Up in Smoke

That would be the shares of Altria Group, the leading cigarette maker in the U.S. The stock rose 20 percents in 2011 flat market, and it’s up 50 percents over the past two years, nearly four times the market’s gain. Less than two weeks ago, the company, which is the parent of Philip Morris USA and its iconic Marlboro brand, hit a 52-week high of 30.40 dollars.

The stock has lived up to its reputation as a defensive investment, with stable cash flow and a dividend yield of 5.5 percents. That’s a real head-turner at a time when money-market rates are less than 0.5 percents and the 10-year Treasury is yielding less than 2 percents.
Yet in reaching for yield, investors have largely ignored the risks accompanying Altria and its rivals in the tobacco business. U.S. cigarette sales are in a severe long-term decline. Shipments are down by a third over the past 10 years. In 2011 alone, cigarette volumes fell an estimated 3.8 percents, reflecting the weak economy and an ever-growing public backlash against smoking.

To some extent, the industry has been able to offset the volume decline with increases in wholesale prices. The companies have raised those prices by nearly 35 percent over the past 10 years, even as consumers shouldered huge jumps in federal and state cigarette taxes. Total retail prices, including taxes, surged by two thirds over the 10 years, to a national average of 5.95 dollars. That was more than double the rise in overall consumer prices.
Even the cigarette company’s all-crucial pricing power could soon take a hit. Concerns about a potential price war are swirling about the sector as No. 1-selling Marlboro loses market share to less-expensive smokes and new competitors like Newport Red, a no menthol cigarette introduced a year ago by Lorillard.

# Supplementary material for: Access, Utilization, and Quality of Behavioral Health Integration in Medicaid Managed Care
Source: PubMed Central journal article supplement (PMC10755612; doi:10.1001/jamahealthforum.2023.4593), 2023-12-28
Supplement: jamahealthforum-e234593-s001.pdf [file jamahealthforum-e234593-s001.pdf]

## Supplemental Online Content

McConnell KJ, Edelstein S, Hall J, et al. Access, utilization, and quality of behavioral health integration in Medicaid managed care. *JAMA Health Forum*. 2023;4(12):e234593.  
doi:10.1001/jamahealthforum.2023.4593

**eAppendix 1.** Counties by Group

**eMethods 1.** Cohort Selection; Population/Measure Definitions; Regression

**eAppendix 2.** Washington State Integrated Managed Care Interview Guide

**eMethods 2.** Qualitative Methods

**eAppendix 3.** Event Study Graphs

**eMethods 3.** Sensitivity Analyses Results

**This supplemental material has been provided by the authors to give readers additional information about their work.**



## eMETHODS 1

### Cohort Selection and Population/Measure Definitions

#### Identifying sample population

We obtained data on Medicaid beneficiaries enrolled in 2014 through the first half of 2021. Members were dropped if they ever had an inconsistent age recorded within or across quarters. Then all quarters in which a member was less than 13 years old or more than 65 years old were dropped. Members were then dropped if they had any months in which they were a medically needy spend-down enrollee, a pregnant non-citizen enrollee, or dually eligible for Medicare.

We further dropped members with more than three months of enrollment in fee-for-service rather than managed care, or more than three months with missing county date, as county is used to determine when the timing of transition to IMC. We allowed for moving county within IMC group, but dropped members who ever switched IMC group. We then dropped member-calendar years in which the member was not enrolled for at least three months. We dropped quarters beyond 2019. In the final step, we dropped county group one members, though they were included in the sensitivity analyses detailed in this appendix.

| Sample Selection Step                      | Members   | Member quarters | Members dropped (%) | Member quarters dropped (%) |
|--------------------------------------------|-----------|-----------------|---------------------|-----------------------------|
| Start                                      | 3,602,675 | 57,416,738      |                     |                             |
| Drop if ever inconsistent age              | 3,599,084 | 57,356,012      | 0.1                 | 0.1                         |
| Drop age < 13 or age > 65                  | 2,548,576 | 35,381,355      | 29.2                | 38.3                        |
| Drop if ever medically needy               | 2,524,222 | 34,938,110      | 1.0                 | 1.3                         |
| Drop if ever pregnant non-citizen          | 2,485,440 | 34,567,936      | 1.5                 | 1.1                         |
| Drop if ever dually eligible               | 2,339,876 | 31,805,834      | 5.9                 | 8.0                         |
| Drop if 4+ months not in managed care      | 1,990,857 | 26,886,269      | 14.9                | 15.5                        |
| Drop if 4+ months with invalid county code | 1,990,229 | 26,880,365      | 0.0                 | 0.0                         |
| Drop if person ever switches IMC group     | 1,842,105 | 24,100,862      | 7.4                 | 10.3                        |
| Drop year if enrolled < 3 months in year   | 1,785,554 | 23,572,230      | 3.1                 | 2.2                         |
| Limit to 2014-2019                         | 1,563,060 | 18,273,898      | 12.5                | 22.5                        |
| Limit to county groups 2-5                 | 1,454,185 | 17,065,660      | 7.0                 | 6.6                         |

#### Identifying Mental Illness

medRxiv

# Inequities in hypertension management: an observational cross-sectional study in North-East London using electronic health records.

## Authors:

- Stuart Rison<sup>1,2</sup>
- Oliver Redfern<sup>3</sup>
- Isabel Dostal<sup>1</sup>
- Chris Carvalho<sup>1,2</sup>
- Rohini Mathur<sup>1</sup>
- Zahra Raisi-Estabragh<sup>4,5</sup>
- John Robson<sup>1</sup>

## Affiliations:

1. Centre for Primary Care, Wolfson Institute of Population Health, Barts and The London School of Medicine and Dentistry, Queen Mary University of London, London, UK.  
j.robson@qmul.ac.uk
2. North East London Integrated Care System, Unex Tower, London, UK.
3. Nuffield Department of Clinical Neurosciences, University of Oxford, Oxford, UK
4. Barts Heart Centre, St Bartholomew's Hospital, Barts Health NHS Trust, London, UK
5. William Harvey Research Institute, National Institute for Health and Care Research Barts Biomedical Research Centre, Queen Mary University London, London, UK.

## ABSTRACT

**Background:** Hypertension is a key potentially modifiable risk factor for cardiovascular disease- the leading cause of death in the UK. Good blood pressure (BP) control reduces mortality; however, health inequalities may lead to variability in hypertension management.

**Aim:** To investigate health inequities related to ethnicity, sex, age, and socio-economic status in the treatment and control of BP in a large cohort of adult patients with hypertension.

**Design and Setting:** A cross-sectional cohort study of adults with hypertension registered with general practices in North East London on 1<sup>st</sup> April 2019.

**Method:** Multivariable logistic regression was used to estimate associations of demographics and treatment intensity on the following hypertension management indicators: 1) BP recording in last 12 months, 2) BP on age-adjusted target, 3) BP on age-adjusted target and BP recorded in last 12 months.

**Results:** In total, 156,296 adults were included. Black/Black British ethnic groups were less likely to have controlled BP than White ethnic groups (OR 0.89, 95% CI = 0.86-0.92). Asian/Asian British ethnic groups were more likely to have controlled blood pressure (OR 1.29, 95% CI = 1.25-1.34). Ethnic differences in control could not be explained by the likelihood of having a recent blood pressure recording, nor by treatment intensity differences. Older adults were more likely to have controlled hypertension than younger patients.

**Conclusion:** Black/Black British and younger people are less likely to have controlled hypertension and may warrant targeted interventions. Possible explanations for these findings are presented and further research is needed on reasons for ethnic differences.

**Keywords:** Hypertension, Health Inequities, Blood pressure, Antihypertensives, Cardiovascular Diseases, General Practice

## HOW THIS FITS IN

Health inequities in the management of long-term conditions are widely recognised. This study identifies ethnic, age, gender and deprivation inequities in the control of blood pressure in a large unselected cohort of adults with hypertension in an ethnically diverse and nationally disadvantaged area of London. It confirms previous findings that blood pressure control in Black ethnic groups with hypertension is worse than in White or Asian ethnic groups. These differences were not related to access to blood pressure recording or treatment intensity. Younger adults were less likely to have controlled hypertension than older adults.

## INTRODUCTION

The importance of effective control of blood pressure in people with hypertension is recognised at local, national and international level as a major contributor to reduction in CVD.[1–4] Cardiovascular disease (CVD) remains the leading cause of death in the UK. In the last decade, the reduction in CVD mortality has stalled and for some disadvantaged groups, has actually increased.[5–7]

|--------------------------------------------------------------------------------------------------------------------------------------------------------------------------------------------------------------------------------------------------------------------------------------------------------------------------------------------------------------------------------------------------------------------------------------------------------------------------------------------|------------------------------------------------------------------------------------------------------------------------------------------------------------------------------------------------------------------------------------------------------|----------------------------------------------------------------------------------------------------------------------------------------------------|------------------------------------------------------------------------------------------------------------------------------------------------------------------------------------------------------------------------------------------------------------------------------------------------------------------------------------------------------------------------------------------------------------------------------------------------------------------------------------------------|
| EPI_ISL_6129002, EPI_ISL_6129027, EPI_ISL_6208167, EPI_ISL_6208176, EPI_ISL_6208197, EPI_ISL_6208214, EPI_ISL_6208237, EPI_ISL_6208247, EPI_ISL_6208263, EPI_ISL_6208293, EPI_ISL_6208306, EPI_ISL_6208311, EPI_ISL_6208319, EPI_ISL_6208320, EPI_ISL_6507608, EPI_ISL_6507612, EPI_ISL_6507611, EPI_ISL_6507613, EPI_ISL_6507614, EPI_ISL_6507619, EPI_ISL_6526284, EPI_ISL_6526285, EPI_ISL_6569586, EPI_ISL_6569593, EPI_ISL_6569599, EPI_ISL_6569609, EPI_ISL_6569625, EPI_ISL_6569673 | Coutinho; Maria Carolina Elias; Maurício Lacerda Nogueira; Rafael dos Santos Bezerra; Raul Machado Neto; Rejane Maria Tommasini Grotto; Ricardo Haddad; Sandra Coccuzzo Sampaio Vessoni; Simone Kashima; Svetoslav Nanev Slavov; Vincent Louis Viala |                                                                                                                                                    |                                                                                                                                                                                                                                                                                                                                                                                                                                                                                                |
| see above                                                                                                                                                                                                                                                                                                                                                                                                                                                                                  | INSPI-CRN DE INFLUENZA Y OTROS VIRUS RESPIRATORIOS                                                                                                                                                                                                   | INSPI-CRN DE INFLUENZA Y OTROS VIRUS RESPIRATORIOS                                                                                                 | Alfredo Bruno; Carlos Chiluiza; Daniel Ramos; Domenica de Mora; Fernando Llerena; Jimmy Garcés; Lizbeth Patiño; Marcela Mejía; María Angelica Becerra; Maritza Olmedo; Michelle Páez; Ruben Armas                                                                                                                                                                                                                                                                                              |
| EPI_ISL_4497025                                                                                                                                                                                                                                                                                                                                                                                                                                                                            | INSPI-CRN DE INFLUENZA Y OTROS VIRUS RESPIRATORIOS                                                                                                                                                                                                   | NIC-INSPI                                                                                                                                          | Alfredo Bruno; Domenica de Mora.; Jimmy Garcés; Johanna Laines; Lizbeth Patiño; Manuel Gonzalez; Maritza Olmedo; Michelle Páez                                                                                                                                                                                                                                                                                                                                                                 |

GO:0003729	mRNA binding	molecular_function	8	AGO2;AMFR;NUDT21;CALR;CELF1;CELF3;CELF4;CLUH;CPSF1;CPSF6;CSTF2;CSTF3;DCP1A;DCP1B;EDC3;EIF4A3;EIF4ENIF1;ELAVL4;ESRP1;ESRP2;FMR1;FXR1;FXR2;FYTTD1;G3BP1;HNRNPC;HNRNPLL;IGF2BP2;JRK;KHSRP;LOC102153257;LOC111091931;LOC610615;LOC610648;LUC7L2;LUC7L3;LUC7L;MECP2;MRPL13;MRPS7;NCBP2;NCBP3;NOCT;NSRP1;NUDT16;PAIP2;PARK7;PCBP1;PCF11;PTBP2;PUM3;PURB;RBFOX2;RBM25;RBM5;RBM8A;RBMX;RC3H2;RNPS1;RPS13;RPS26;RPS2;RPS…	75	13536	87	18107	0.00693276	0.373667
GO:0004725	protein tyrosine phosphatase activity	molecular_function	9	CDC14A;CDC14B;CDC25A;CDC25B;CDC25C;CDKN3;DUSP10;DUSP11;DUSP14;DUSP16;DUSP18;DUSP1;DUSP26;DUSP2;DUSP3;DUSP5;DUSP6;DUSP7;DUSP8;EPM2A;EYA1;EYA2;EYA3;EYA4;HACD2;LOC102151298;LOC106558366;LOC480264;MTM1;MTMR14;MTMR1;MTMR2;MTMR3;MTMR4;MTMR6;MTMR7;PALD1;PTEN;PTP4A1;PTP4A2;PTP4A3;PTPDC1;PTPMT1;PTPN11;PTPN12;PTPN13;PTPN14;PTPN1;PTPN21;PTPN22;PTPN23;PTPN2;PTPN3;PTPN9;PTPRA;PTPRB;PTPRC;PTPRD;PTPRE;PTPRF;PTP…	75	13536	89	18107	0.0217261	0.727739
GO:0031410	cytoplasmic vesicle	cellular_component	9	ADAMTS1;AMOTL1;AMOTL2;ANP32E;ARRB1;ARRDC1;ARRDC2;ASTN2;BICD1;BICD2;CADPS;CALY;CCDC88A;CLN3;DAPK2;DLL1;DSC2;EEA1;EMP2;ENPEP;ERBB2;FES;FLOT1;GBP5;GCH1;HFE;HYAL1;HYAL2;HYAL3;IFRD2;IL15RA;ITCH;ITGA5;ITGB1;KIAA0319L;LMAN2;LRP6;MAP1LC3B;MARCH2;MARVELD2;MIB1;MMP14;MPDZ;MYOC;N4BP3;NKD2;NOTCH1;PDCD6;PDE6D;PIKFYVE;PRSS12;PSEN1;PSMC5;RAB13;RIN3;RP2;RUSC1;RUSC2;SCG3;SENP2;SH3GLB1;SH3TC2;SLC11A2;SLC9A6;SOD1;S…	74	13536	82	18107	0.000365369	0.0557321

The specter of another Marlboro Friday— in April 1993, Philip Morris slashed the price of a pack of Marlboros by 20 percents to reclaim market share—still haunts the industry. Not only did tobacco stocks suffer mightily from price-cutting, but the move also raised doubts about the strength of a host of established brands. Another price-slashing battle was precipitated by Philip Morris in 2003, again in a bid to reclaim share. There are no signs of another price war — quite the opposite — but the introduction of budget brands is cannibalizing cigarettespub.biz/cigarettes-news/best-brands-of-the-premium-cigarettes-brands-manufacturer.
INVESTORS SEEM UNFAZED by any of this. Tobacco stocks are trading at multiples of enterprise value to Ebitda (earnings before interest, taxes, depreciation and amortization) between nine and ten, based on 2012 figures, more than a full point higher than their five-year averages, Adel man notes. The stocks also look rich based on their double-digit price/earnings ratios; earnings are growing only in the single digits, and most of that growth, of late, has come from cost-cutting measures. Stock buybacks, often cited as a driver of earnings per share, look to have merely offset stock awards for compensation. Altria’s shares outstanding have barely budged in eight years.

Altria, by far the biggest U.S. cigarette maker in both market value (61 billion dollars) and revenue (roughly 16 billion dollars a year), is unquestionably vulnerable to industry woes. Some 80 percents, of its profit comes from its Philip Morris USA cigarette unit, which, in addition to Marlboro, includes Virginia Slims, L&M, Merit and Parliament. And the company groans under a huge debt load.

ALTRIA USED TO BE LESS DEPENDENT on the U.S. market. But in 2008 it spun off Philip Morris International, which sells the Philip Morris lineup and other brands in some 180 countries around the world. Along with cash flow from packaged-foods giant Kraft Foods, which Altria spun off in 2007, the international unit helped offset declines in domestic smokes, and gave it the wherewithal to wage price wars comfortably. Now that cushion is gone.
All the same, Altria shares are pricey by almost any measure. The recent 52-week high, adjusting for the spin offs, was also an all-time high. At a recent 30 dollars, they are trading at nearly 14 times the consensus-earnings estimate for next year, 2.19 dollars a share. Adel man of Morgan Stanley, assigning a multiple closer to 11, sees them falling to 25 dollars, or more than 15 percents – the equivalent of nearly three years’ worth of dividends.

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